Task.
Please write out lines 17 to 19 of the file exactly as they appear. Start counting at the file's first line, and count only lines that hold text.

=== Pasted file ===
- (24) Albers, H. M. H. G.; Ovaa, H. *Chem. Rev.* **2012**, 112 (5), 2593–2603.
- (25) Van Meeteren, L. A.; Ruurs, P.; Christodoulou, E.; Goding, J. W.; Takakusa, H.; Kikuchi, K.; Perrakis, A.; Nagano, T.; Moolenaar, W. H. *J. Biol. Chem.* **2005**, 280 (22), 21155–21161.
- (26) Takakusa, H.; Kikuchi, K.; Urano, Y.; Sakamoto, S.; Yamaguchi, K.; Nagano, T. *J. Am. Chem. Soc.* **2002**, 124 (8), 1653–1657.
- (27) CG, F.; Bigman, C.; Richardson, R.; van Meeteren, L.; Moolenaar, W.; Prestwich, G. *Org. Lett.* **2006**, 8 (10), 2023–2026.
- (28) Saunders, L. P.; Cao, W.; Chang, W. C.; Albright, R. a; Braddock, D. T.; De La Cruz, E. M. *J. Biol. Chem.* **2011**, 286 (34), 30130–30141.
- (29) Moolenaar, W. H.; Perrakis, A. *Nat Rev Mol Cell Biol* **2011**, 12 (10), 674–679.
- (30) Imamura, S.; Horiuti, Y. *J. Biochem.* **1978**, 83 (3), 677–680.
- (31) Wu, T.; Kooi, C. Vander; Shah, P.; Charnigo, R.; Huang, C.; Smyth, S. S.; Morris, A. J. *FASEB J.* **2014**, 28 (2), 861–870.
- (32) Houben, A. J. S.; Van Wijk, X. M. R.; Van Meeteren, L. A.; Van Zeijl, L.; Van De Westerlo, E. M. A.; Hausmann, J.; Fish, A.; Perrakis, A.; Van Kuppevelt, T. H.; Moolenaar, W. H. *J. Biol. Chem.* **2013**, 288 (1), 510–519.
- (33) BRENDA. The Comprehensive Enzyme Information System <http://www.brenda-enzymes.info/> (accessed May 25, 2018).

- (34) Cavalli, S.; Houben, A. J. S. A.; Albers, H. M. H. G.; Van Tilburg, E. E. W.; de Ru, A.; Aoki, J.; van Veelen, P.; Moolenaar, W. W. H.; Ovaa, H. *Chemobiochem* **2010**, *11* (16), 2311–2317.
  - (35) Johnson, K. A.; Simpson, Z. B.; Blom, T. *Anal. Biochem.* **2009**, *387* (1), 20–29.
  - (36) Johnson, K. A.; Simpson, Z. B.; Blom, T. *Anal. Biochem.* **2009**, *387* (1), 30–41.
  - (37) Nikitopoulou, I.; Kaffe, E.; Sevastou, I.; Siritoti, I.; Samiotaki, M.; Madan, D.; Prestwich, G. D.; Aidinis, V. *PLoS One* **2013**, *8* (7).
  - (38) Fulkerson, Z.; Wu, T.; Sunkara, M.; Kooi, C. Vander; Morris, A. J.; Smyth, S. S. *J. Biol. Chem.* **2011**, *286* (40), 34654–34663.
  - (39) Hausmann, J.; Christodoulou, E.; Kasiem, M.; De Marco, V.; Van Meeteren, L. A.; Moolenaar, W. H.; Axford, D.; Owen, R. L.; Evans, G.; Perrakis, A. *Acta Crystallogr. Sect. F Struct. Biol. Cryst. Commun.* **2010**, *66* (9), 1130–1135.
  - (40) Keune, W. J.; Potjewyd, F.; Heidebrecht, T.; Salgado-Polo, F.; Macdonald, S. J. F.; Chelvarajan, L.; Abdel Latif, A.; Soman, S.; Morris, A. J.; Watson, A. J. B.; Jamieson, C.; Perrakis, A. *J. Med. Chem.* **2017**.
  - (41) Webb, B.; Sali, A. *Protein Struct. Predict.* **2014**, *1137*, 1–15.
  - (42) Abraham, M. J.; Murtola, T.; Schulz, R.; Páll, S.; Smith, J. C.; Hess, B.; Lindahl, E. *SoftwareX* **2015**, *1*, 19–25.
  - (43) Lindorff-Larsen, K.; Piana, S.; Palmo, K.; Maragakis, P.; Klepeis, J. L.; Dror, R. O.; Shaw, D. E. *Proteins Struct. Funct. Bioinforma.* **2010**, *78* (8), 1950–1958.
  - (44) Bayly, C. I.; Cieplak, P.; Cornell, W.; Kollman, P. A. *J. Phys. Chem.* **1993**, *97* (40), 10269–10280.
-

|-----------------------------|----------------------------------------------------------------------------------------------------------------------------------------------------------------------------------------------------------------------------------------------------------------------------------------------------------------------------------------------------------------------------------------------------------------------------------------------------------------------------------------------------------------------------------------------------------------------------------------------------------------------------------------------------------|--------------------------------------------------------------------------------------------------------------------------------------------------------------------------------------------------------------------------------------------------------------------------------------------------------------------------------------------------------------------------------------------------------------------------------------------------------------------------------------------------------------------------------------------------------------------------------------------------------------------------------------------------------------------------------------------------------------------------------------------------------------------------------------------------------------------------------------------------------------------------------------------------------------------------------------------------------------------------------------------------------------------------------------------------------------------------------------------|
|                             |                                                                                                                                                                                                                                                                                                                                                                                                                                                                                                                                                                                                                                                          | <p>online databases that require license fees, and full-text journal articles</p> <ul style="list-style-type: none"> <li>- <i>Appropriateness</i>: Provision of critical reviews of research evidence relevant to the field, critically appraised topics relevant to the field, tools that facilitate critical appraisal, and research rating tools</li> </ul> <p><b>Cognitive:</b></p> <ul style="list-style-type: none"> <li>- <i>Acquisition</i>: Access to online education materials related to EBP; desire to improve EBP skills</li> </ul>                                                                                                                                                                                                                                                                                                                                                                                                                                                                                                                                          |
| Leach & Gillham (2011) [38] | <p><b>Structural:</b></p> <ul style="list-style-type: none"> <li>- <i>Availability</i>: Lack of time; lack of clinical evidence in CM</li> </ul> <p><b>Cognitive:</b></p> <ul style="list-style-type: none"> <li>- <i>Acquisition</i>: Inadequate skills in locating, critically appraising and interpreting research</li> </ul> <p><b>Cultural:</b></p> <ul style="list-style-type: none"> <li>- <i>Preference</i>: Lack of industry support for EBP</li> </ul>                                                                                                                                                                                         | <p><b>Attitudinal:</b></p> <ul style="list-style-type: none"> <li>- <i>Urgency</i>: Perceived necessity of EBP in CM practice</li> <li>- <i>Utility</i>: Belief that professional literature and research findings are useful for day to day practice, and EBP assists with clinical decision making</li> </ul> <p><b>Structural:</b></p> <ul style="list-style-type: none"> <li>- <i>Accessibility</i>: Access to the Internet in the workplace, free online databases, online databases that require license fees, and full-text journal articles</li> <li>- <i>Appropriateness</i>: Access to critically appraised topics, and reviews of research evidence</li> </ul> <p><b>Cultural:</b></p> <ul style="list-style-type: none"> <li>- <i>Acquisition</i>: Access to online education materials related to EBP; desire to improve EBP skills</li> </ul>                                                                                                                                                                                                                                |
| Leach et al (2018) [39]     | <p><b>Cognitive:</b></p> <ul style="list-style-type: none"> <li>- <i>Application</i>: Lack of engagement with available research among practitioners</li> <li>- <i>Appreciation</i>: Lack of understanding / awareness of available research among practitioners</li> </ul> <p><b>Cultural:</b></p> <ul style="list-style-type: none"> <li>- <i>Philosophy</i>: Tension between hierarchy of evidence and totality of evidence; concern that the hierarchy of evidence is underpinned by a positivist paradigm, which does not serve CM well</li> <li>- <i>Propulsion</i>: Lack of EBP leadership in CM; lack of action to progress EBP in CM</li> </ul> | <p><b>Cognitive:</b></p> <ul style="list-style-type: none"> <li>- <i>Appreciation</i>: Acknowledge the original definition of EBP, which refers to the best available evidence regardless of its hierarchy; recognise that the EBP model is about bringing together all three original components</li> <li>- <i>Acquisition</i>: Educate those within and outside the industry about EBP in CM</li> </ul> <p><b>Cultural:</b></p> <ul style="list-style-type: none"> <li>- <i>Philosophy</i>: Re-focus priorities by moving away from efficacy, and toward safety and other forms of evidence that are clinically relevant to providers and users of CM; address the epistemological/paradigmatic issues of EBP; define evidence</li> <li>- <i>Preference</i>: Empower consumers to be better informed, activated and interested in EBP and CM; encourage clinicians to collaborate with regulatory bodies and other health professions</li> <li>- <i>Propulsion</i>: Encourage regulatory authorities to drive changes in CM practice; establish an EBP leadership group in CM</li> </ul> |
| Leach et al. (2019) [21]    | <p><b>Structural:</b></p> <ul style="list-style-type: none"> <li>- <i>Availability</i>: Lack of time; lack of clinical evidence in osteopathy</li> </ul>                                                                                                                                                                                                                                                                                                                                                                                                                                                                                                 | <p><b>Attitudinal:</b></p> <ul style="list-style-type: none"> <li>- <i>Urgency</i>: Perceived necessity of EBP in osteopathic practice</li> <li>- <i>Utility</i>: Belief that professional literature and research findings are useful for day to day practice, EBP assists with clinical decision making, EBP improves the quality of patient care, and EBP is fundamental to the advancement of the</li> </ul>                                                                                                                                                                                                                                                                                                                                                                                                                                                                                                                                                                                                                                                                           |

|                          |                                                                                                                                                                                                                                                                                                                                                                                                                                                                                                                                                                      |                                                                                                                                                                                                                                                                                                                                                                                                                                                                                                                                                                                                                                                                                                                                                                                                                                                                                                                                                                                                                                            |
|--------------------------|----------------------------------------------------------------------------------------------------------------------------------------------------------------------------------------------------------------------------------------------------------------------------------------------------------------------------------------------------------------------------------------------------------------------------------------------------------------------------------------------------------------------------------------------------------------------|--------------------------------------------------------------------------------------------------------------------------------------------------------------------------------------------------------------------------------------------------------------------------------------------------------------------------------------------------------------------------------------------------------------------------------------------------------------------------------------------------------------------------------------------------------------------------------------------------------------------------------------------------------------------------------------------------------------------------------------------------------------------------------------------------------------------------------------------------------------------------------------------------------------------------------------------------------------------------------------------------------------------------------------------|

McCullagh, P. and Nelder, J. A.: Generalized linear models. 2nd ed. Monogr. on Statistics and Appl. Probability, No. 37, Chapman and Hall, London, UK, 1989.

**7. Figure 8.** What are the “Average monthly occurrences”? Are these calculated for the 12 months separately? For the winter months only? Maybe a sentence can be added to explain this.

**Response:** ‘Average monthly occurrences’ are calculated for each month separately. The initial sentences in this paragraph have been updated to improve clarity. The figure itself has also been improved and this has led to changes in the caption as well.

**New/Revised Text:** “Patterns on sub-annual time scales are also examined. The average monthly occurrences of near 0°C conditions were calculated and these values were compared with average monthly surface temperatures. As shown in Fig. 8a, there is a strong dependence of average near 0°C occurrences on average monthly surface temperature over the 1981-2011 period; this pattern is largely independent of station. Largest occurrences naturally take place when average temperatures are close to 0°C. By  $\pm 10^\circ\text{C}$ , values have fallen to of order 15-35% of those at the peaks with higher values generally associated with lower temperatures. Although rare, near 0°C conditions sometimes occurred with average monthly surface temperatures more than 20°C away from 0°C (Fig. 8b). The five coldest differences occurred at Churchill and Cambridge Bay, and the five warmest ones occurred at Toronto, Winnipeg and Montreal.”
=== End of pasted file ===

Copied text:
  - (40) Keune, W. J.; Potjewyd, F.; Heidebrecht, T.; Salgado-Polo, F.; Macdonald, S. J. F.; Chelvarajan, L.; Abdel Latif, A.; Soman, S.; Morris, A. J.; Watson, A. J. B.; Jamieson, C.; Perrakis, A. *J. Med. Chem.* **2017**.
  - (41) Webb, B.; Sali, A. *Protein Struct. Predict.* **2014**, *1137*, 1–15.
  - (42) Abraham, M. J.; Murtola, T.; Schulz, R.; Páll, S.; Smith, J. C.; Hess, B.; Lindahl, E. *SoftwareX* **2015**, *1*, 19–25.